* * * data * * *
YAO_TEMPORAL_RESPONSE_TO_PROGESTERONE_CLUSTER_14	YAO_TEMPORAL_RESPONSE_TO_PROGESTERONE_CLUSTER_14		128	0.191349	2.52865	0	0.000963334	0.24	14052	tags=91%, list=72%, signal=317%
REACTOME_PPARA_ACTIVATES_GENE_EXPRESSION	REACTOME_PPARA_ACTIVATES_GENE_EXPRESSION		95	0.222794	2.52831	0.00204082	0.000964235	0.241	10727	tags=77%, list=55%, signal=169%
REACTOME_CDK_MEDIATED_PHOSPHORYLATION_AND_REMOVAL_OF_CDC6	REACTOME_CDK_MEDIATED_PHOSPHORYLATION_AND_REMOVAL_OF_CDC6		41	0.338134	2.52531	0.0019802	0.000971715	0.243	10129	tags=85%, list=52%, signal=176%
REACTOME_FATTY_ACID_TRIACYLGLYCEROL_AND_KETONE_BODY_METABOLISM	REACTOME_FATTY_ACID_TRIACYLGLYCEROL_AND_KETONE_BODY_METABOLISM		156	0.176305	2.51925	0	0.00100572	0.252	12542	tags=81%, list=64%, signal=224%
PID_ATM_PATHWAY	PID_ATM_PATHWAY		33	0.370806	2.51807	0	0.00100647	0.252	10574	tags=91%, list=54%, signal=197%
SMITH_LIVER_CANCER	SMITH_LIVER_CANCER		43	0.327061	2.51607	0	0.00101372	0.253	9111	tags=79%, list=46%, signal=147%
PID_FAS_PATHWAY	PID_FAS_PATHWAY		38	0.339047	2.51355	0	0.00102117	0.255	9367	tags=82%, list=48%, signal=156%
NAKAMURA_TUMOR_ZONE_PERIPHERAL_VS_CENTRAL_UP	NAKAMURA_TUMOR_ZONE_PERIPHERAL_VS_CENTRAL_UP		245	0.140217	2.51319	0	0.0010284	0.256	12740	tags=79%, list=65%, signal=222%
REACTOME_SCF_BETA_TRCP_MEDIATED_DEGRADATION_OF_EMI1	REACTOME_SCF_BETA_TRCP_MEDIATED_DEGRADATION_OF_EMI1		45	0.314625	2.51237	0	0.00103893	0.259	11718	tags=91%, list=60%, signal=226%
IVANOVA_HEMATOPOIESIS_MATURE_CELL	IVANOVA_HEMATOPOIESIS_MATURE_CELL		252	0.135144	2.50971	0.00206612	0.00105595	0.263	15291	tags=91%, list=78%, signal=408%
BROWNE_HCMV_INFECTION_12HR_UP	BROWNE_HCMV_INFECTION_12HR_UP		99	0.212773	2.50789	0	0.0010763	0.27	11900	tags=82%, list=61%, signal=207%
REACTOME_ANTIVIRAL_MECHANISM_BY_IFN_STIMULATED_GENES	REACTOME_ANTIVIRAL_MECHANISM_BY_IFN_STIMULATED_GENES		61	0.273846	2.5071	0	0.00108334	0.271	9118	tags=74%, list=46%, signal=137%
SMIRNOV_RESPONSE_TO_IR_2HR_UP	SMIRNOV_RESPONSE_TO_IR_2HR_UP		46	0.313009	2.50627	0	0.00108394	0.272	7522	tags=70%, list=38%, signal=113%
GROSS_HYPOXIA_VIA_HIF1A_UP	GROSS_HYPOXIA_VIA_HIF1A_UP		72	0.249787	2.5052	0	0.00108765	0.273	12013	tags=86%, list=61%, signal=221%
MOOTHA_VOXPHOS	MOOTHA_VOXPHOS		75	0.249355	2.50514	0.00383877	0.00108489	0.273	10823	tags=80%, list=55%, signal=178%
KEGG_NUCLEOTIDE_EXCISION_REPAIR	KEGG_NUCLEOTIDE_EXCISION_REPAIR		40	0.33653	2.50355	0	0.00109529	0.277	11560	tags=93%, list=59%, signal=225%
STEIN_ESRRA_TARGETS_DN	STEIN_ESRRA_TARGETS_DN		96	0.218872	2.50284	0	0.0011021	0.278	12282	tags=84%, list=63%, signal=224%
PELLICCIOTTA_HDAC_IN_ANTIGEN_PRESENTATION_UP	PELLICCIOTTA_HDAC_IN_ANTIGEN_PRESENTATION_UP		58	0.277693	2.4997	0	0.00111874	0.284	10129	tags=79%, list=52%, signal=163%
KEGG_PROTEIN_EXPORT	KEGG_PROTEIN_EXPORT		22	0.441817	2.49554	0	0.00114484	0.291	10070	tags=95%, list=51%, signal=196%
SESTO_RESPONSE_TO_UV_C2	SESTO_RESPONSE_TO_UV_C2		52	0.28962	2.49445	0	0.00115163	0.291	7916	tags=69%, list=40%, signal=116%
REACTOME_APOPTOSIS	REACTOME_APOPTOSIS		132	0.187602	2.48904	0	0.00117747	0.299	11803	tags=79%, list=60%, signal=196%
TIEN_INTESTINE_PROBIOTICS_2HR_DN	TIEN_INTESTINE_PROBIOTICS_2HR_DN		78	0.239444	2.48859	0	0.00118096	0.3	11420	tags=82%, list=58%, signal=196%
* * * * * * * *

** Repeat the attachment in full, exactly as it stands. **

YAO_TEMPORAL_RESPONSE_TO_PROGESTERONE_CLUSTER_14	YAO_TEMPORAL_RESPONSE_TO_PROGESTERONE_CLUSTER_14		128	0.191349	2.52865	0	0.000963334	0.24	14052	tags=91%, list=72%, signal=317%
REACTOME_PPARA_ACTIVATES_GENE_EXPRESSION	REACTOME_PPARA_ACTIVATES_GENE_EXPRESSION		95	0.222794	2.52831	0.00204082	0.000964235	0.241	10727	tags=77%, list=55%, signal=169%
REACTOME_CDK_MEDIATED_PHOSPHORYLATION_AND_REMOVAL_OF_CDC6	REACTOME_CDK_MEDIATED_PHOSPHORYLATION_AND_REMOVAL_OF_CDC6		41	0.338134	2.52531	0.0019802	0.000971715	0.243	10129	tags=85%, list=52%, signal=176%
REACTOME_FATTY_ACID_TRIACYLGLYCEROL_AND_KETONE_BODY_METABOLISM	REACTOME_FATTY_ACID_TRIACYLGLYCEROL_AND_KETONE_BODY_METABOLISM		156	0.176305	2.51925	0	0.00100572	0.252	12542	tags=81%, list=64%, signal=224%
PID_ATM_PATHWAY	PID_ATM_PATHWAY		33	0.370806	2.51807	0	0.00100647	0.252	10574	tags=91%, list=54%, signal=197%
SMITH_LIVER_CANCER	SMITH_LIVER_CANCER		43	0.327061	2.51607	0	0.00101372	0.253	9111	tags=79%, list=46%, signal=147%
PID_FAS_PATHWAY	PID_FAS_PATHWAY		38	0.339047	2.51355	0	0.00102117	0.255	9367	tags=82%, list=48%, signal=156%
NAKAMURA_TUMOR_ZONE_PERIPHERAL_VS_CENTRAL_UP	NAKAMURA_TUMOR_ZONE_PERIPHERAL_VS_CENTRAL_UP		245	0.140217	2.51319	0	0.0010284	0.256	12740	tags=79%, list=65%, signal=222%
REACTOME_SCF_BETA_TRCP_MEDIATED_DEGRADATION_OF_EMI1	REACTOME_SCF_BETA_TRCP_MEDIATED_DEGRADATION_OF_EMI1		45	0.314625	2.51237	0	0.00103893	0.259	11718	tags=91%, list=60%, signal=226%
IVANOVA_HEMATOPOIESIS_MATURE_CELL	IVANOVA_HEMATOPOIESIS_MATURE_CELL		252	0.135144	2.50971	0.00206612	0.00105595	0.263	15291	tags=91%, list=78%, signal=408%
BROWNE_HCMV_INFECTION_12HR_UP	BROWNE_HCMV_INFECTION_12HR_UP		99	0.212773	2.50789	0	0.0010763	0.27	11900	tags=82%, list=61%, signal=207%
REACTOME_ANTIVIRAL_MECHANISM_BY_IFN_STIMULATED_GENES	REACTOME_ANTIVIRAL_MECHANISM_BY_IFN_STIMULATED_GENES		61	0.273846	2.5071	0	0.00108334	0.271	9118	tags=74%, list=46%, signal=137%
SMIRNOV_RESPONSE_TO_IR_2HR_UP	SMIRNOV_RESPONSE_TO_IR_2HR_UP		46	0.313009	2.50627	0	0.00108394	0.272	7522	tags=70%, list=38%, signal=113%
GROSS_HYPOXIA_VIA_HIF1A_UP	GROSS_HYPOXIA_VIA_HIF1A_UP		72	0.249787	2.5052	0	0.00108765	0.273	12013	tags=86%, list=61%, signal=221%
MOOTHA_VOXPHOS	MOOTHA_VOXPHOS		75	0.249355	2.50514	0.00383877	0.00108489	0.273	10823	tags=80%, list=55%, signal=178%
KEGG_NUCLEOTIDE_EXCISION_REPAIR	KEGG_NUCLEOTIDE_EXCISION_REPAIR		40	0.33653	2.50355	0	0.00109529	0.277	11560	tags=93%, list=59%, signal=225%
STEIN_ESRRA_TARGETS_DN	STEIN_ESRRA_TARGETS_DN		96	0.218872	2.50284	0	0.0011021	0.278	12282	tags=84%, list=63%, signal=224%
PELLICCIOTTA_HDAC_IN_ANTIGEN_PRESENTATION_UP	PELLICCIOTTA_HDAC_IN_ANTIGEN_PRESENTATION_UP		58	0.277693	2.4997	0	0.00111874	0.284	10129	tags=79%, list=52%, signal=163%
KEGG_PROTEIN_EXPORT	KEGG_PROTEIN_EXPORT		22	0.441817	2.49554	0	0.00114484	0.291	10070	tags=95%, list=51%, signal=196%
SESTO_RESPONSE_TO_UV_C2	SESTO_RESPONSE_TO_UV_C2		52	0.28962	2.49445	0	0.00115163	0.291	7916	tags=69%, list=40%, signal=116%
REACTOME_APOPTOSIS	REACTOME_APOPTOSIS		132	0.187602	2.48904	0	0.00117747	0.299	11803	tags=79%, list=60%, signal=196%
TIEN_INTESTINE_PROBIOTICS_2HR_DN	TIEN_INTESTINE_PROBIOTICS_2HR_DN		78	0.239444	2.48859	0	0.00118096	0.3	11420	tags=82%, list=58%, signal=196%